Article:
Image of tape to cordon off asbestos site

Assistance for loose-fill asbestos houses

In December 2014 the NSW Government announced its response to the discovery of loose-fill asbestos in NSW homes. To demonstrate government’s commitment to helping affected NSW residents, an assistance package was announced that includes free property testing for owners residing in 26 identified local government areas.

Free ceiling insulation tests are being provided for homeowners in the identified local government areas (LGA) to identify all loose-fill asbestos in residential premises. These areas have been identified through the analysis of archival government records.

Owners of homes built before 1980 in these local government areas can contact Service NSW where you can register online to have your property tested and assessed for the material. Free testing is available until August 2015.

For homes tested positive, free independent technical assessments advising on and confirm risk controls are being offered, as is a make safe assistance package.

Concerned residential property owners are encouraged to call 13 77 88 or visit nsw.gov.au/loosefillasbestos to register for the free testing program and to find out more about the assistance available.

In addition to the assistance package, government also announced the formation of a dedicated loose-fill asbestos taskforce. The taskforce is led by former Deputy Commissioner of the NSW Police Force, Dave Owens, and includes representatives from a number of NSW Government agencies including NSW Ministry of Health, Office of Local Government, Environmental Protection Authority and WorkCover NSW.

The taskforce will be responsible for developing a comprehensive action plan for a government purchase/demolition scheme for homes with loose-fill asbestos insulation, including identifying risk mitigation strategies, costings and implementation and operational aspects, in consultation with affected residents.

To find out more, call Service NSW on 13 77 88 or visit nsw.gov.au/loosefillasbestos

Image of young worker and supervisor on construction site

Young construction workers at risk

Ensuring all new workers are familiar with health and safety arrangements on your construction site is critical, but young workers in particular require special treatment.

Workers aged 15 to 25 have a 75 per cent greater chance of being hurt, and in NSW 15 people in this age group are injured every day, with building sites one of the highest-risk workplaces. Typical injuries include cuts, lacerations, bruises, contusions, punctures and fractures.

Young construction workers are also more likely to experience manual handling injuries, such as sprains, strains and tears, from incorrect lifting or moving heavy or awkward objects. Falls from height are another major risk and building sites usually have numerous pitfalls such as ladders, floor openings, roofs, scaffolds and stairs.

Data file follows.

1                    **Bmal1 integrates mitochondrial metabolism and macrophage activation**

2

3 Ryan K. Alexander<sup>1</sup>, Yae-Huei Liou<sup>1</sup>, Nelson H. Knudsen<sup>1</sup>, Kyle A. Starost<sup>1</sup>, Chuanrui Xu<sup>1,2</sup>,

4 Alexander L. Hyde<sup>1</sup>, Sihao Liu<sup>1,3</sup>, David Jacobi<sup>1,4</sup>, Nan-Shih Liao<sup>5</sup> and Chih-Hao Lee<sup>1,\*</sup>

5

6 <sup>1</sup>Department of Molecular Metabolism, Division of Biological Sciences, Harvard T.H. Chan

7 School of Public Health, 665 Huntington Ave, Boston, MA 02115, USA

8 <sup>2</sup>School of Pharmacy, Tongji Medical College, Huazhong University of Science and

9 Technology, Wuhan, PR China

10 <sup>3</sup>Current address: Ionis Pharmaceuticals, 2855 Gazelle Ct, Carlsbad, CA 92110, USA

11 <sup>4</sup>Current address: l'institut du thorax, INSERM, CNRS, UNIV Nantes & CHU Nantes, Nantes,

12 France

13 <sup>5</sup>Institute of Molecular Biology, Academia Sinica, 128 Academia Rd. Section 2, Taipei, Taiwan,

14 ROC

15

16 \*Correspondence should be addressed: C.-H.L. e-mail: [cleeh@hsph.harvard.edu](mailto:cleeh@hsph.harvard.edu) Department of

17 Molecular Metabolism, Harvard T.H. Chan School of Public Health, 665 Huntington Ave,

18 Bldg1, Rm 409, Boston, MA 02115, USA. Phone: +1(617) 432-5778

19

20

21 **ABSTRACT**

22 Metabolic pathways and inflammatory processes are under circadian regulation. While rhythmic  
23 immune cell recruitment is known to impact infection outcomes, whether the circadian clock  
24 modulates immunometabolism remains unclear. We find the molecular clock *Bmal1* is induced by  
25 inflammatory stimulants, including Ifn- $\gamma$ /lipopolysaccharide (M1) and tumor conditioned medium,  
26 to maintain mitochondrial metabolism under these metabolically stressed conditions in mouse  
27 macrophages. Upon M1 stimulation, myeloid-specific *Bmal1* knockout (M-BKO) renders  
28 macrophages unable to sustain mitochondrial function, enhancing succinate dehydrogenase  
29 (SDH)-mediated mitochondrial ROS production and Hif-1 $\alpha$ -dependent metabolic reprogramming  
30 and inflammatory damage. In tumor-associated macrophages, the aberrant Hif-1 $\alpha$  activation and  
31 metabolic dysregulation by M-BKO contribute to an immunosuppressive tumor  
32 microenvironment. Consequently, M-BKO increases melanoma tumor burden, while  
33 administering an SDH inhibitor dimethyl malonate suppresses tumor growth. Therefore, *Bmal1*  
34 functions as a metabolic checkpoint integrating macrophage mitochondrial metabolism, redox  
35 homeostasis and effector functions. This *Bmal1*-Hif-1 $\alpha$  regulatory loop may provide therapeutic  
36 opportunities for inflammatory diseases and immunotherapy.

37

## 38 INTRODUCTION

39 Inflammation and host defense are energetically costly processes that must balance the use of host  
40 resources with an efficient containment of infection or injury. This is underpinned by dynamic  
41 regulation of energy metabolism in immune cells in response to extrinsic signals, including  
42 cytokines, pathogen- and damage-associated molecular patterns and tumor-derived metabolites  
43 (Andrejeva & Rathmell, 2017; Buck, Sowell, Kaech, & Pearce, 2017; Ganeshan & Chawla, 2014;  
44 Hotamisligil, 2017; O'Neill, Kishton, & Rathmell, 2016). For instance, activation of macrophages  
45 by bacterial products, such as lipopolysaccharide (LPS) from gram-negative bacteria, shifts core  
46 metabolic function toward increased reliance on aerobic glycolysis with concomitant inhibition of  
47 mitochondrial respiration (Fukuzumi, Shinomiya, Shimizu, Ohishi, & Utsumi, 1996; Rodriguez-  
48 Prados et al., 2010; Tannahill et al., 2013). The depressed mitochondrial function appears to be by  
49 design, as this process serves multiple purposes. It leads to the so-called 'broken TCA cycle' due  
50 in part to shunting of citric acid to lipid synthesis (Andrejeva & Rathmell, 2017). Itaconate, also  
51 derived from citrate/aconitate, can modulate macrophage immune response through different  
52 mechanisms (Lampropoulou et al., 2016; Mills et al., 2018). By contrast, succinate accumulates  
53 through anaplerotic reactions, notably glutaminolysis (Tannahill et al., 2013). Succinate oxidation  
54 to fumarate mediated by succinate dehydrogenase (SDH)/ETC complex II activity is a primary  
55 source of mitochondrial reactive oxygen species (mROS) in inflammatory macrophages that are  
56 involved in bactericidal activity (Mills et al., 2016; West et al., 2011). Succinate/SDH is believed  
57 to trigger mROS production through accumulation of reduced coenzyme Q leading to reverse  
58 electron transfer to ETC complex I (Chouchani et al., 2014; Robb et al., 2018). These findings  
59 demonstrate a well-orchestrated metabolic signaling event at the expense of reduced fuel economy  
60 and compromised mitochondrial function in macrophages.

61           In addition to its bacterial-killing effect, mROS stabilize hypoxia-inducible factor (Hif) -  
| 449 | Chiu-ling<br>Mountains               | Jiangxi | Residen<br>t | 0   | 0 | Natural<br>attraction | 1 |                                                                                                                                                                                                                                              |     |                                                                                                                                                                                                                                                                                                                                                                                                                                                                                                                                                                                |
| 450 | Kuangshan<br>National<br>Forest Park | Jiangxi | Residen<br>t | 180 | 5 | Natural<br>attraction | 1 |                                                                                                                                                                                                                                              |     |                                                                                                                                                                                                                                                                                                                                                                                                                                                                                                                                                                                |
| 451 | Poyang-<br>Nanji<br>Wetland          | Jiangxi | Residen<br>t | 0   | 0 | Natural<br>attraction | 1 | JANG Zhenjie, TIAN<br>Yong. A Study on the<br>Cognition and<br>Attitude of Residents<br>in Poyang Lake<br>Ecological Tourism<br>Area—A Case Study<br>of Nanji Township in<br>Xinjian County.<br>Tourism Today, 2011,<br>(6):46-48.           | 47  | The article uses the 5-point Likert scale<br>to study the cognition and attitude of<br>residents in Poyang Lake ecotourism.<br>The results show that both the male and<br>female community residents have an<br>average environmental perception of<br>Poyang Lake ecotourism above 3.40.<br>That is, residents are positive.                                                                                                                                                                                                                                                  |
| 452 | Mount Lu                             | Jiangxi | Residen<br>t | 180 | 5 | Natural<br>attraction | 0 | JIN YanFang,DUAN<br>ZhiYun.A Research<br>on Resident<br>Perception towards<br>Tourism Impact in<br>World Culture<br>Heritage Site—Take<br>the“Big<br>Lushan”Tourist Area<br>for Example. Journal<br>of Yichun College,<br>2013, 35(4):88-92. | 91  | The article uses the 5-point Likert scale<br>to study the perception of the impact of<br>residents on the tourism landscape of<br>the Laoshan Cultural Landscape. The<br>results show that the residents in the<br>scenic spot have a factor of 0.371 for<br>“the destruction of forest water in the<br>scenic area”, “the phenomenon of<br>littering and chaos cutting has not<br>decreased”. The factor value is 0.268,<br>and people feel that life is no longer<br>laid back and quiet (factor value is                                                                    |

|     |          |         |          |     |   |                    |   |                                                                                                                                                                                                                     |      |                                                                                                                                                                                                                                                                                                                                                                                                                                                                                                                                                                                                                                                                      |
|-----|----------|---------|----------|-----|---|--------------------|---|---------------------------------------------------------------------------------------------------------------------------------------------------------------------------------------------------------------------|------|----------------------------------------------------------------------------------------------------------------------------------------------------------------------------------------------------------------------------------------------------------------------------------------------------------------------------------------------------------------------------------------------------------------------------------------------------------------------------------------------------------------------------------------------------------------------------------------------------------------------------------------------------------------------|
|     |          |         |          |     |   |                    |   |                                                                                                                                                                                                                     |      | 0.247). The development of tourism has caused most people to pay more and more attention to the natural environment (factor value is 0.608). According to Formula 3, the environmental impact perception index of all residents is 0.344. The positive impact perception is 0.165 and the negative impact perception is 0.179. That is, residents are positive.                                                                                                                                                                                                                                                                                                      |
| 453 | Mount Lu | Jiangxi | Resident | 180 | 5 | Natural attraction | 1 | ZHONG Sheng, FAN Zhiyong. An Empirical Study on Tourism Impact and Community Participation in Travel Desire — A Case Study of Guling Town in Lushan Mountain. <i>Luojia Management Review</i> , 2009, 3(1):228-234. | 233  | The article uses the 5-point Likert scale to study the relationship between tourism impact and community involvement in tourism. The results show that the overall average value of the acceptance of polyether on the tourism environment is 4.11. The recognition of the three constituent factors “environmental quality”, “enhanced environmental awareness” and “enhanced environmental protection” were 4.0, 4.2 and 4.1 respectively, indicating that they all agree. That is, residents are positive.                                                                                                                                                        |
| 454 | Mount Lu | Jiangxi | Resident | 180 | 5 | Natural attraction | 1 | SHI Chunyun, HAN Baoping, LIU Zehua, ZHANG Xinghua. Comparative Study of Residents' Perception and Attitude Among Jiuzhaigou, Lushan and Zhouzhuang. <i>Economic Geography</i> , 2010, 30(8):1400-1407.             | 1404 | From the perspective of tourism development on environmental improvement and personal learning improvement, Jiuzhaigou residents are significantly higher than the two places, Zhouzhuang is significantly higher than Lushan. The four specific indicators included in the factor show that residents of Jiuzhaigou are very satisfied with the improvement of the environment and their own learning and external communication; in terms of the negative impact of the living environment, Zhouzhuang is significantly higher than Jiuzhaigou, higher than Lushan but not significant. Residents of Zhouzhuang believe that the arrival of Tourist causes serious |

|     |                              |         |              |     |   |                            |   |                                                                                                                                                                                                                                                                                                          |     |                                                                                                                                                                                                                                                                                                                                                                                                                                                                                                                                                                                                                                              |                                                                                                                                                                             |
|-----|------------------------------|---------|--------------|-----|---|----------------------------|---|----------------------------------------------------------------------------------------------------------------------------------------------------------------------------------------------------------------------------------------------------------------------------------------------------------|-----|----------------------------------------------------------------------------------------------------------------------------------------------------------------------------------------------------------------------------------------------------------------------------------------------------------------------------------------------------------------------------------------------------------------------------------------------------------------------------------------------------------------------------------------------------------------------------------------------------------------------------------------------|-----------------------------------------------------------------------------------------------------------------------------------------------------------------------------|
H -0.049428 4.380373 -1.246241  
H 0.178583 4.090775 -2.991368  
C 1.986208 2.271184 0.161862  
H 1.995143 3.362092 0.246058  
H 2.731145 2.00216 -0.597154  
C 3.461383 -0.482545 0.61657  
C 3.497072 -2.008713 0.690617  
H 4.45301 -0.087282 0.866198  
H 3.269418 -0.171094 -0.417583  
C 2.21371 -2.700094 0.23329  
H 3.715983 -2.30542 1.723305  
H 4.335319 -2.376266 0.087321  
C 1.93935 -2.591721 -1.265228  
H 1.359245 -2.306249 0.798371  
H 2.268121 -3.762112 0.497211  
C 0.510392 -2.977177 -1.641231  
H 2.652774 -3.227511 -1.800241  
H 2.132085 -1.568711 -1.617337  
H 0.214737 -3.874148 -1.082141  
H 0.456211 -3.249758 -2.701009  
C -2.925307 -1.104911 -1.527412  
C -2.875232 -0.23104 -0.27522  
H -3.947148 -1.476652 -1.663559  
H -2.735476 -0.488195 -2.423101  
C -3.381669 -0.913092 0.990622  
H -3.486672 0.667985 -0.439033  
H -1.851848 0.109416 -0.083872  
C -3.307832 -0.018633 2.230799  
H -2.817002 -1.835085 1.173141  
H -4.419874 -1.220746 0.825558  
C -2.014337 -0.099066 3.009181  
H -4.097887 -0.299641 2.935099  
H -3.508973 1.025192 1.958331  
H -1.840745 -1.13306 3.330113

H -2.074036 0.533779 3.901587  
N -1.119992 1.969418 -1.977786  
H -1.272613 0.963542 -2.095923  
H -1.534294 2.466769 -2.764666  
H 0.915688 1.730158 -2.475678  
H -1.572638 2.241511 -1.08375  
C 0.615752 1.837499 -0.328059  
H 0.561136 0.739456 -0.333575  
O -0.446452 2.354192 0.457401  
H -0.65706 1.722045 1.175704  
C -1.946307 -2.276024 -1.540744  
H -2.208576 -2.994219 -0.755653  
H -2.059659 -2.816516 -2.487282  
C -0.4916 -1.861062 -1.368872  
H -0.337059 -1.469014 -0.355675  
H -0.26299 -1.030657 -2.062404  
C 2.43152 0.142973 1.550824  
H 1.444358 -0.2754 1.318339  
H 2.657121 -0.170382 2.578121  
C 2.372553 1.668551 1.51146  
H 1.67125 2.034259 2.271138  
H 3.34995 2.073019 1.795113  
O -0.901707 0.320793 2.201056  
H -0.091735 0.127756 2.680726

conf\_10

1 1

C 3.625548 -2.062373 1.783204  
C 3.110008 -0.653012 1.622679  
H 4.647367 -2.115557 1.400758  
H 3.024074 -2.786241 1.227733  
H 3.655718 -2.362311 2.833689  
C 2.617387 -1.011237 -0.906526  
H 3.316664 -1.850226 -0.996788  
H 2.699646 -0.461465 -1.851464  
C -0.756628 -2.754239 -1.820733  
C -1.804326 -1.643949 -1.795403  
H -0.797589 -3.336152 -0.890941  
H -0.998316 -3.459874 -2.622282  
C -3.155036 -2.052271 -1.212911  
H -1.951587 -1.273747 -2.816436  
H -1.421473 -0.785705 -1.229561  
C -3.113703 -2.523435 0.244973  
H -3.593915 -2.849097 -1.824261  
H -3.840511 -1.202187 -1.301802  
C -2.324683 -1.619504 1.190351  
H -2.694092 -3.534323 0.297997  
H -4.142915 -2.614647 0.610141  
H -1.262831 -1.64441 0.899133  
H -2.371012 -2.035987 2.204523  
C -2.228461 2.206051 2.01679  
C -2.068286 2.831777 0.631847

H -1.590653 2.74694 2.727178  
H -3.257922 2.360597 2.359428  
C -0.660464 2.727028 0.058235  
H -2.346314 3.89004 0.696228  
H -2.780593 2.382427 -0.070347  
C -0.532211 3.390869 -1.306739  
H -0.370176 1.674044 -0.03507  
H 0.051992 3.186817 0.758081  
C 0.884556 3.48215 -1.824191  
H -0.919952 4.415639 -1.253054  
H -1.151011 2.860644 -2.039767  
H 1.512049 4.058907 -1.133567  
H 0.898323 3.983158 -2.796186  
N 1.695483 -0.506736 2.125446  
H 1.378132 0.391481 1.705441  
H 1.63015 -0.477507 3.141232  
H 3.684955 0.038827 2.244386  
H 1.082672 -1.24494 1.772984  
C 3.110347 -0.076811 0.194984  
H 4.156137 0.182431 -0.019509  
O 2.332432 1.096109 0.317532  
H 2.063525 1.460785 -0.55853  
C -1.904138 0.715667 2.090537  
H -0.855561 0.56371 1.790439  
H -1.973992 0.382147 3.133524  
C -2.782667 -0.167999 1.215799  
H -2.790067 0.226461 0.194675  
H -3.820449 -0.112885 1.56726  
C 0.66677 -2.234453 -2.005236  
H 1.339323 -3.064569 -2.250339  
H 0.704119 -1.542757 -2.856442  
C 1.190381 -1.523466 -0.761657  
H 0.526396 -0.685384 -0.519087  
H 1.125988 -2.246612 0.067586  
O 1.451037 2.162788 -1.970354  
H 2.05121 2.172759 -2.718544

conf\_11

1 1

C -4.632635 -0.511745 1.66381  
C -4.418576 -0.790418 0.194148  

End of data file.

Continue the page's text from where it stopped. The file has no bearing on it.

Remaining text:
One reason why young workers are more vulnerable is they are less likely to recognise and be able to cope with potential hazards. This requires knowledge, skills and experience only gained by time on the job. On a building site, this inexperience and lack of awareness can increase the chances of being injured or causing an injury.

So while it might be costly and time-consuming to provide extra training to bring younger workers fully up to speed on potential hazards and safe working practices, it is a smart investment as well as a legal requirement.

A training checklist for young workers could look like this:

  1. Give clear instructions about a job or task and safety precautions to take.
  2. Ask them to repeat your instructions back to you to make sure they understand.
  3. Encourage them to ask you questions about the task or anything else.
  4. Show how to perform a task and get them to demonstrate and repeat it until they have it correct.
  5. Provide written instructions on their job and tasks, and stress the importance of learning these and referring to them as often as required.
  6. Explain and demonstrate equipment and machinery safety features and make sure they understand how these work. Also show them the personal protective equipment required to do tasks safely, where to find it, and how to use it properly.
  7. Ask if they have any questions and make sure you or a supervisor monitors the worker’s progress and performance, especially in their first few weeks, and repeat training where necessary.

Before entering a construction site, all young workers must complete external General Construction Induction Training (GCIT) and hold a current WorkCover-issued GCIT card.

More guidance is available at the WorkCover website or call 13 10 50.

Image of slippery floor caution sign

Ten tips to cut slips and trips

A slip or trip in a hazardous workplace doesn’t bear thinking about.

Poor housekeeping is a major cause of incidents in all types of workplaces and if a worker is lucky, they might escape unscathed with nothing more than injured pride.

But as can often be the case, a worker can sustain serious or even horrific injuries.

In, for example, a hospitality environment such as a busy kitchen prone to splashes and spills, the typical injuries are cuts or burns and head injuries.

One particularly nasty incident involved a chef slipping on a pool of water and in an attempt to prevent his fall, he plunged one arm into a pan of boiling oil. He suffered extreme burns requiring surgery and was off work for almost six months.

The implications were not only plummeting productivity and morale but finding a similarly qualified and skilled stand-in chef to keep trading and prevent a slide of the restaurant’s reputation.

So clearly it is in your best interests to do everything you can to reduce the risk of slips, trips and falls – but where do you start?

  1. A good kick-off point is to seek input from your workers about potential hazards as they are often more aware of issues due to the nature of their work.
  2. Spend a day walking around your workplace with your health and safety representative monitoring worker activity and tasks, identifying potential slip and trip hazards, and making a checklist.
  3. Recognise housekeeping issues, such as stacked boxes or supplies, cables, general mess or fluid spills or leaks, take appropriate action then monitor areas to avoid any repeat activity.
  4. Provide bins for workers or customers to dispose of rubbish, ensure containers have secure lids, and install drip trays beneath machines or water coolers.
  5. If your workplace is prone to spills, splashes, leaks or moisture build-up, consider installing slip-resistant flooring designed to function even when coming into contact with liquids.
  6. Acid-etching of hard surface floors, including tiles, may help improve slip-resistance properties in wet conditions but can wear off quickly depending on foot traffic volume.
  7. Profiled metal floor surfaces can be effective depending on what type of footwear your workers wear but can be more slippery than expected – mild steel is better as it gets more abrasive and slip resistant with age.